EU Relations with Timor-Leste

Timor-Leste is situated on the eastern half of the island of Timor (with an enclave in West Timor), north of Australia and part of the island archipelago that stretches from Malaysia through Indonesia to Papua New Guinea. The country is 15 007 km² in size and the population is just over 1 million. Tetum and Portuguese have been chosen as the country’s official languages.

Following a UN supervised referendum in 1999 Timor-Leste fully restored its independence on May 20, 2002. The country has a parliamentary form of Government. Since independence the country had made some remarkable steps in nation building and political stability, however, security institutions are still very fragile.

The economy is agriculture-based with over two-thirds of the population living in rural areas and one-third engaged in subsistence farming. Timor-Leste used to be famous for its sandalwood exports, but the economy was shattered by the Indonesian occupation. Coffee is also a small but lucrative export crop. However, economic recovery has been slow and mired in continued political instability.

Timor-Leste has substantial petroleum and gas reserves. In 2006 the country signed an agreement with Australia on the sharing of natural resources, allocating 50% of the revenues to Timor-Leste. One of the major challenges will be the use of the petroleum revenues in a sustainable way for the development of the country.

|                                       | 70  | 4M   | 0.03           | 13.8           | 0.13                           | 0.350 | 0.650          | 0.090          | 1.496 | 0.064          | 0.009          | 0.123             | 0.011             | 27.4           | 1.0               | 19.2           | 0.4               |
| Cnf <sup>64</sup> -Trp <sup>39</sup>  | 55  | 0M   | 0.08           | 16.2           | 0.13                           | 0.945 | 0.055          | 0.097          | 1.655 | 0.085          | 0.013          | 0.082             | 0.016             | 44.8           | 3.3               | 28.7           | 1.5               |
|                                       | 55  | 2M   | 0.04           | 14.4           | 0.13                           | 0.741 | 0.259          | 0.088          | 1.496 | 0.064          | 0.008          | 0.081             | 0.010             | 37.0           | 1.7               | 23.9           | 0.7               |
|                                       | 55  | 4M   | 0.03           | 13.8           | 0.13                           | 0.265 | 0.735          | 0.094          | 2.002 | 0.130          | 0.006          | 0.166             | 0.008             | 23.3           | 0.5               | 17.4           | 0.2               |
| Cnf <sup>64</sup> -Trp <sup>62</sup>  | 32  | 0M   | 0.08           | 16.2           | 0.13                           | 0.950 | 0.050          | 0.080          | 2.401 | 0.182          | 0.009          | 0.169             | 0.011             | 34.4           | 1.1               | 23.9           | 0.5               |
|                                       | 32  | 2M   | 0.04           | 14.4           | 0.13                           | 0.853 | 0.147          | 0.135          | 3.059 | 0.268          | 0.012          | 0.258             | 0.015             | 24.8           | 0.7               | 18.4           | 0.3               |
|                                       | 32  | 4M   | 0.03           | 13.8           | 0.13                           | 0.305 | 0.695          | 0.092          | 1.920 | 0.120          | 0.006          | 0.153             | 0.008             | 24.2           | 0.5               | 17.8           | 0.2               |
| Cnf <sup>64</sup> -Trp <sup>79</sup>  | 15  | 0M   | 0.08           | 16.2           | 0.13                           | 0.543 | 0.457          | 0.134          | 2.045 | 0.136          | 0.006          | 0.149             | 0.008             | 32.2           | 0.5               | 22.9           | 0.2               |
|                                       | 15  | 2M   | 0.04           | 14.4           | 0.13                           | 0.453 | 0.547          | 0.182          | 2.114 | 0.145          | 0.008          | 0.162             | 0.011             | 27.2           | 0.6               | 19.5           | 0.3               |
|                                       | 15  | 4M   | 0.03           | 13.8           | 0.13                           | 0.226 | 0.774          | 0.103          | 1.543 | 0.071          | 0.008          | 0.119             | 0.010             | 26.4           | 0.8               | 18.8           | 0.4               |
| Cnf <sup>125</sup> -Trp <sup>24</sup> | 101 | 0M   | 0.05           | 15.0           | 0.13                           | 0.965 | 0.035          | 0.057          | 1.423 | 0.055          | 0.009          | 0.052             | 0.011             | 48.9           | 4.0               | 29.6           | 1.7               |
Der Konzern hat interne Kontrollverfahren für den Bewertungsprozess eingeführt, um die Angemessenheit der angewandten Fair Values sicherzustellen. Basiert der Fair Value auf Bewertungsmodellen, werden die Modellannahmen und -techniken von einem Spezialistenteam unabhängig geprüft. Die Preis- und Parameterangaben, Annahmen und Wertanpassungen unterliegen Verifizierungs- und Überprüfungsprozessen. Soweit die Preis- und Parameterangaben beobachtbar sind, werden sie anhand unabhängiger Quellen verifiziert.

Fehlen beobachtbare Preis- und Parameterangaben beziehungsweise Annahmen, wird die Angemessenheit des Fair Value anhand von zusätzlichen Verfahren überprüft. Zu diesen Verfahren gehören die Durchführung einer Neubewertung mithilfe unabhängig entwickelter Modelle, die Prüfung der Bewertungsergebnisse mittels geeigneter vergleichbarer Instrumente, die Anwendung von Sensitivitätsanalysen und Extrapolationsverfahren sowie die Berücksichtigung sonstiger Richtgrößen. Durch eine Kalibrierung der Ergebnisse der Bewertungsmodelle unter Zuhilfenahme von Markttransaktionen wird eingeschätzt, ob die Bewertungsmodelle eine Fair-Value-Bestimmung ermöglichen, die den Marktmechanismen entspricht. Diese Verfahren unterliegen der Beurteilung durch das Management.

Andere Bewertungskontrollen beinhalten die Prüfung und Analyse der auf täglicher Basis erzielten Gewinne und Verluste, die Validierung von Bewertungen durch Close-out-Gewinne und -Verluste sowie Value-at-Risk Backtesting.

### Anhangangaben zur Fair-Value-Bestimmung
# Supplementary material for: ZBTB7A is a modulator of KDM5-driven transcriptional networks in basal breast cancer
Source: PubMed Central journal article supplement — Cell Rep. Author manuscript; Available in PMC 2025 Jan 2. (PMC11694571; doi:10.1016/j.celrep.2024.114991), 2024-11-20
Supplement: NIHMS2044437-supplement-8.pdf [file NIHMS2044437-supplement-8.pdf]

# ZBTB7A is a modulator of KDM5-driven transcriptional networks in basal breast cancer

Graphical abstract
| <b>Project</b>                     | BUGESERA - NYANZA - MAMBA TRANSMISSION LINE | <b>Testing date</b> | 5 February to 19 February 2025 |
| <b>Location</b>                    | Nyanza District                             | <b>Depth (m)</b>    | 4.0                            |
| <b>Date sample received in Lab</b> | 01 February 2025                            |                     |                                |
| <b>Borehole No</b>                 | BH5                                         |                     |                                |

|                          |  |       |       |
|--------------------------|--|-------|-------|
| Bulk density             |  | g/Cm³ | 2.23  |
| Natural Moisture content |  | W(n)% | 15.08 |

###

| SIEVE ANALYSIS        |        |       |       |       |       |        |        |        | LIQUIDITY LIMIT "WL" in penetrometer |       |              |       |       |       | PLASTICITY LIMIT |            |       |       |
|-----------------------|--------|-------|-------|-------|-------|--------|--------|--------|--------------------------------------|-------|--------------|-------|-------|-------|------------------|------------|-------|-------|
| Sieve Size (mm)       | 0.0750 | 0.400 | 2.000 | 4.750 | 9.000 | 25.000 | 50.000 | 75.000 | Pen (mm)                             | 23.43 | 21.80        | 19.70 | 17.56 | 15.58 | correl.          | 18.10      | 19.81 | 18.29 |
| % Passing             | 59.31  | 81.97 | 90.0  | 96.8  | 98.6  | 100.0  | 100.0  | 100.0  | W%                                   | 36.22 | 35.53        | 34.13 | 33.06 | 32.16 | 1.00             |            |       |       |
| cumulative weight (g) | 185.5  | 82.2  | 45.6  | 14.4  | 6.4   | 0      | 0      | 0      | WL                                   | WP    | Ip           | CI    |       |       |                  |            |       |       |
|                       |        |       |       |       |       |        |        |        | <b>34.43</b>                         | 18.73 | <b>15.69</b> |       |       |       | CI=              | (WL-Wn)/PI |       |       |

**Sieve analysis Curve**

In addition, the country faces various development challenges: widespread and structural poverty, low life expectancy, low adult literacy rates, and a lack of sanitation and potable water. In terms of identity and nation-building, Timor-Leste will need to address its turbulent past and human rights’ violations of past administrations and to work for constructive relations with its neighbours.

Key issues in EU-Timor-Leste relations

Timor-Leste is a relatively new member of the group of African, Caribbean and Pacific countries but has long enjoyed a special relationship with Portugal due to their shared history. The EU as a whole, including Member States, has contributed half of total assistance to Timor-Leste since 1999.

Key objectives of the EU-Timor-Leste strategy are the support for further international engagement, lasting long enough to ensure durable state formation, support to institution building as the key for an economically independent and self sustainable Timor-Leste and ensure support for the integration of Timor-Leste in its neighbouring region.

EU cooperation with the country has focused on stabilisation and dialogue, fighting poverty, and humanitarian support. As such, within the Country Strategy of the 10th EDF (2008-2013) rural development is being boosted to achieve sustained poverty reduction and food security. Support is being given to the health sector and capacity building. This is improving the country’s management systems to support growth and take advantage of the improved terms of trade. The goal is to assist Timor-Leste in building sustainable national capacity to manage and execute the budget and EDF resources, develop a sound trade policy and organise elections.

In addition, humanitarian assistance is being provided, including for emergency relief and rehabilitation and food security.